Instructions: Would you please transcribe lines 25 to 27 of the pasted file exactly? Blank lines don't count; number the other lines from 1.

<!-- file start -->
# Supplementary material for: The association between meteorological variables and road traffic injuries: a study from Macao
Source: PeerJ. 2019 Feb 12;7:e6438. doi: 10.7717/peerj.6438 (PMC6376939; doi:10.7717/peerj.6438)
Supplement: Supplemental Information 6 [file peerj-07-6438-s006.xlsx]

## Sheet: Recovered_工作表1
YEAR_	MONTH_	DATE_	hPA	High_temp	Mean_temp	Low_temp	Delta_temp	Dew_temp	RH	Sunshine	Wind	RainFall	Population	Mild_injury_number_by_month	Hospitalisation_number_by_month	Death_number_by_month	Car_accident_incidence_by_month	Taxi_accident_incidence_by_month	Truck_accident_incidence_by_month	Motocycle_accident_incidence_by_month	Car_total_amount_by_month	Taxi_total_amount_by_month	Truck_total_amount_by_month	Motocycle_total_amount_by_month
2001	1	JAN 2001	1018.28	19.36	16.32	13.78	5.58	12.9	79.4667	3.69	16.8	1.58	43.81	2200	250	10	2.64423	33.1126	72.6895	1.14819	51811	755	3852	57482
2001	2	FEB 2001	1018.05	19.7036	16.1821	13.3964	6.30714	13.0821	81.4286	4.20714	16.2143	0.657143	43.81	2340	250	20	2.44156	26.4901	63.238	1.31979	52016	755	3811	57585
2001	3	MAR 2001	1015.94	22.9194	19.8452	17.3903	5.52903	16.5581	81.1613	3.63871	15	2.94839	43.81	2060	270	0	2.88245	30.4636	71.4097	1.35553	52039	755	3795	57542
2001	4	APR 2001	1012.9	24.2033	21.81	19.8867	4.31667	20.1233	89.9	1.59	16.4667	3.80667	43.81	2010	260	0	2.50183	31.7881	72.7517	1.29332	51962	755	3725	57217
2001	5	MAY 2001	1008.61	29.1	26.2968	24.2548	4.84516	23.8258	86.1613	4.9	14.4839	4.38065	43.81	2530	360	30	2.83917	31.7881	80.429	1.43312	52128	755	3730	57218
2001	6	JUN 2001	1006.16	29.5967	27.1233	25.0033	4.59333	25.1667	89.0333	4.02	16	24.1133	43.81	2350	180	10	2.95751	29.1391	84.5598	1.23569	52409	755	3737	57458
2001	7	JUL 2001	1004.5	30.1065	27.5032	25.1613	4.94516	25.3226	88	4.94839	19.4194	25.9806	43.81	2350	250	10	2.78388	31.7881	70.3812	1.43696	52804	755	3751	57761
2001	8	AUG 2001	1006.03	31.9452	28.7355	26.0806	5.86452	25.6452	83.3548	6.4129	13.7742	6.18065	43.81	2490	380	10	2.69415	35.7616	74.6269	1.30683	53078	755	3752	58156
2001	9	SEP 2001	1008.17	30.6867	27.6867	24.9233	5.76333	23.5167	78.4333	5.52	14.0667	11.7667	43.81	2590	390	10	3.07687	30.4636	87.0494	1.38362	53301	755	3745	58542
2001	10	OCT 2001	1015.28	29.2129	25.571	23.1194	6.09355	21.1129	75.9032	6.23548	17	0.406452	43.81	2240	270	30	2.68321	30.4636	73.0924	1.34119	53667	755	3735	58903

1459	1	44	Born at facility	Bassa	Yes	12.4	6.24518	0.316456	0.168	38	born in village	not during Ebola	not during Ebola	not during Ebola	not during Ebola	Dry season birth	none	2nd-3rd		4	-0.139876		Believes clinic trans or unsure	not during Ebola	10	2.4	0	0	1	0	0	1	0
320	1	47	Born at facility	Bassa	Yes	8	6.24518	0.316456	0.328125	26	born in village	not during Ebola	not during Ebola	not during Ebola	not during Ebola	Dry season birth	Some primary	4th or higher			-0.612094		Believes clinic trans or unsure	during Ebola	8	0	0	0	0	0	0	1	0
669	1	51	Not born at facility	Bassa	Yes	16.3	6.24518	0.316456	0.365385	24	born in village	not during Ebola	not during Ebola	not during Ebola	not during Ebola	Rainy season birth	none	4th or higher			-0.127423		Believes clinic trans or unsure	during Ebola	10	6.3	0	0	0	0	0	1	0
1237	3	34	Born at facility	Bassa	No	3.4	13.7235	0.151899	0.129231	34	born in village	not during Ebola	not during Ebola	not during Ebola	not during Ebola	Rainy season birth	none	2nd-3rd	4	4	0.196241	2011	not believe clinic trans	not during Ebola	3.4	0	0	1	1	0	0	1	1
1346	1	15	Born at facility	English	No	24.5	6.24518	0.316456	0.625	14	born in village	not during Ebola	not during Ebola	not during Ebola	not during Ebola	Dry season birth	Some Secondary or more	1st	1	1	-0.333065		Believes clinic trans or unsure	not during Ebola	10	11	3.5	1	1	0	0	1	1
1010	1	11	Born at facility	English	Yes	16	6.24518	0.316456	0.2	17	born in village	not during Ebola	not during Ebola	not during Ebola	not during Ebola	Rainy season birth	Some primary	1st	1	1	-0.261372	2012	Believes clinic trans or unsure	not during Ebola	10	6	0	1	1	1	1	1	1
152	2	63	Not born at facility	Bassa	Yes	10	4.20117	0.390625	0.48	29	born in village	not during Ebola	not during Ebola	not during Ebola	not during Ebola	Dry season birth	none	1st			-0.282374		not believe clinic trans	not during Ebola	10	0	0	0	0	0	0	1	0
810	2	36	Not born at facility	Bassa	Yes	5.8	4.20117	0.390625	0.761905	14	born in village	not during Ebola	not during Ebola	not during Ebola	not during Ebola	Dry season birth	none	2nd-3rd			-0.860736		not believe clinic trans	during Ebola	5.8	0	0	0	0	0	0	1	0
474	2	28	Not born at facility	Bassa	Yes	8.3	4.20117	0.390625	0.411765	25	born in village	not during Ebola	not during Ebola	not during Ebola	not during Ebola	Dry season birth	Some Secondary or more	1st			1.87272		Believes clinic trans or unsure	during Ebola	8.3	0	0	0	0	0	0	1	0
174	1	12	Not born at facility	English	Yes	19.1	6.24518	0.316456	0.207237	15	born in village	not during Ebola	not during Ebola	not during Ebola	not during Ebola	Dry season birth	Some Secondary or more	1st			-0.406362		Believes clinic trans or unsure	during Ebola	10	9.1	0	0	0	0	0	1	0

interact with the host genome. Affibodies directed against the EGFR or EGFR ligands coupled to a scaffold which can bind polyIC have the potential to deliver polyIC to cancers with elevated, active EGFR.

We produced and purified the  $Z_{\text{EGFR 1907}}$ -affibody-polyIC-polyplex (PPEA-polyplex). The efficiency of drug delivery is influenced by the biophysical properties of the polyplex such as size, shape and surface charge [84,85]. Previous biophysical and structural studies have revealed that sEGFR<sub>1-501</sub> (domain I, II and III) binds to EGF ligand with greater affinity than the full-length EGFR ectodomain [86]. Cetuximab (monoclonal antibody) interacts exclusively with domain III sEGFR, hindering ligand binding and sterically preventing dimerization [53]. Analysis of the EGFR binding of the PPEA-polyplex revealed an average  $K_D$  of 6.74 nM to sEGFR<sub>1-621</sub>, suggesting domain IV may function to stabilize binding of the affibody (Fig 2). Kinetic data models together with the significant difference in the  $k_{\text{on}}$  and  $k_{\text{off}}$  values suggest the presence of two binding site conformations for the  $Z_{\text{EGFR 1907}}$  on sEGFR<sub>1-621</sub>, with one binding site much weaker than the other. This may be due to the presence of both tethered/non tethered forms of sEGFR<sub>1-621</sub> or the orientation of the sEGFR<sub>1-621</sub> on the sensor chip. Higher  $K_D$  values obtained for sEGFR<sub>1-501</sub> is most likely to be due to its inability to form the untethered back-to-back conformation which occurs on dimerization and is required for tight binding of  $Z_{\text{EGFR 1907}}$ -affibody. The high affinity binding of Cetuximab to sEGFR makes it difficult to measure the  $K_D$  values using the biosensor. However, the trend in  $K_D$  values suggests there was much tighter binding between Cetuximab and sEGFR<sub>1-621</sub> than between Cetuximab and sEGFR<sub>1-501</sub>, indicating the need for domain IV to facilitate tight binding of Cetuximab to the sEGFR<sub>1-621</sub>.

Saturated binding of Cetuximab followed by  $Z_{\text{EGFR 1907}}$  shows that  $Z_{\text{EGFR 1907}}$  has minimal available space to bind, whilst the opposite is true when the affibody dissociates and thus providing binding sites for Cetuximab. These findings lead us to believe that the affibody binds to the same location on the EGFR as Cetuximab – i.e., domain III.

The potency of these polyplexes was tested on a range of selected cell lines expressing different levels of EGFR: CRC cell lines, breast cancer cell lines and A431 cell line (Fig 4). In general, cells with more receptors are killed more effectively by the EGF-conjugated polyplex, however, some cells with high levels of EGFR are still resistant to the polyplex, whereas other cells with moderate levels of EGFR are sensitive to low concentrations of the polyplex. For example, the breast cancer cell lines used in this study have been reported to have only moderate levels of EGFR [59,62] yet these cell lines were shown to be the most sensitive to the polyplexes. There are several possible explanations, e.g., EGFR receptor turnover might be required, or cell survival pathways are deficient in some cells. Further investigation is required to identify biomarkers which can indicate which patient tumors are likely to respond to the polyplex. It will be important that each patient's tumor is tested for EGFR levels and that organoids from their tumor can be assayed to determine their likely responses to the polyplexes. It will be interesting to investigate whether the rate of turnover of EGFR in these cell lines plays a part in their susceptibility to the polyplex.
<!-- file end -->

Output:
174	1	12	Not born at facility	English	Yes	19.1	6.24518	0.316456	0.207237	15	born in village	not during Ebola	not during Ebola	not during Ebola	not during Ebola	Dry season birth	Some Secondary or more	1st			-0.406362		Believes clinic trans or unsure	during Ebola	10	9.1	0	0	0	0	0	1	0

interact with the host genome. Affibodies directed against the EGFR or EGFR ligands coupled to a scaffold which can bind polyIC have the potential to deliver polyIC to cancers with elevated, active EGFR.

We produced and purified the  $Z_{\text{EGFR 1907}}$ -affibody-polyIC-polyplex (PPEA-polyplex). The efficiency of drug delivery is influenced by the biophysical properties of the polyplex such as size, shape and surface charge [84,85]. Previous biophysical and structural studies have revealed that sEGFR<sub>1-501</sub> (domain I, II and III) binds to EGF ligand with greater affinity than the full-length EGFR ectodomain [86]. Cetuximab (monoclonal antibody) interacts exclusively with domain III sEGFR, hindering ligand binding and sterically preventing dimerization [53]. Analysis of the EGFR binding of the PPEA-polyplex revealed an average  $K_D$  of 6.74 nM to sEGFR<sub>1-621</sub>, suggesting domain IV may function to stabilize binding of the affibody (Fig 2). Kinetic data models together with the significant difference in the  $k_{\text{on}}$  and  $k_{\text{off}}$  values suggest the presence of two binding site conformations for the  $Z_{\text{EGFR 1907}}$  on sEGFR<sub>1-621</sub>, with one binding site much weaker than the other. This may be due to the presence of both tethered/non tethered forms of sEGFR<sub>1-621</sub> or the orientation of the sEGFR<sub>1-621</sub> on the sensor chip. Higher  $K_D$  values obtained for sEGFR<sub>1-501</sub> is most likely to be due to its inability to form the untethered back-to-back conformation which occurs on dimerization and is required for tight binding of  $Z_{\text{EGFR 1907}}$ -affibody. The high affinity binding of Cetuximab to sEGFR makes it difficult to measure the  $K_D$  values using the biosensor. However, the trend in  $K_D$  values suggests there was much tighter binding between Cetuximab and sEGFR<sub>1-621</sub> than between Cetuximab and sEGFR<sub>1-501</sub>, indicating the need for domain IV to facilitate tight binding of Cetuximab to the sEGFR<sub>1-621</sub>.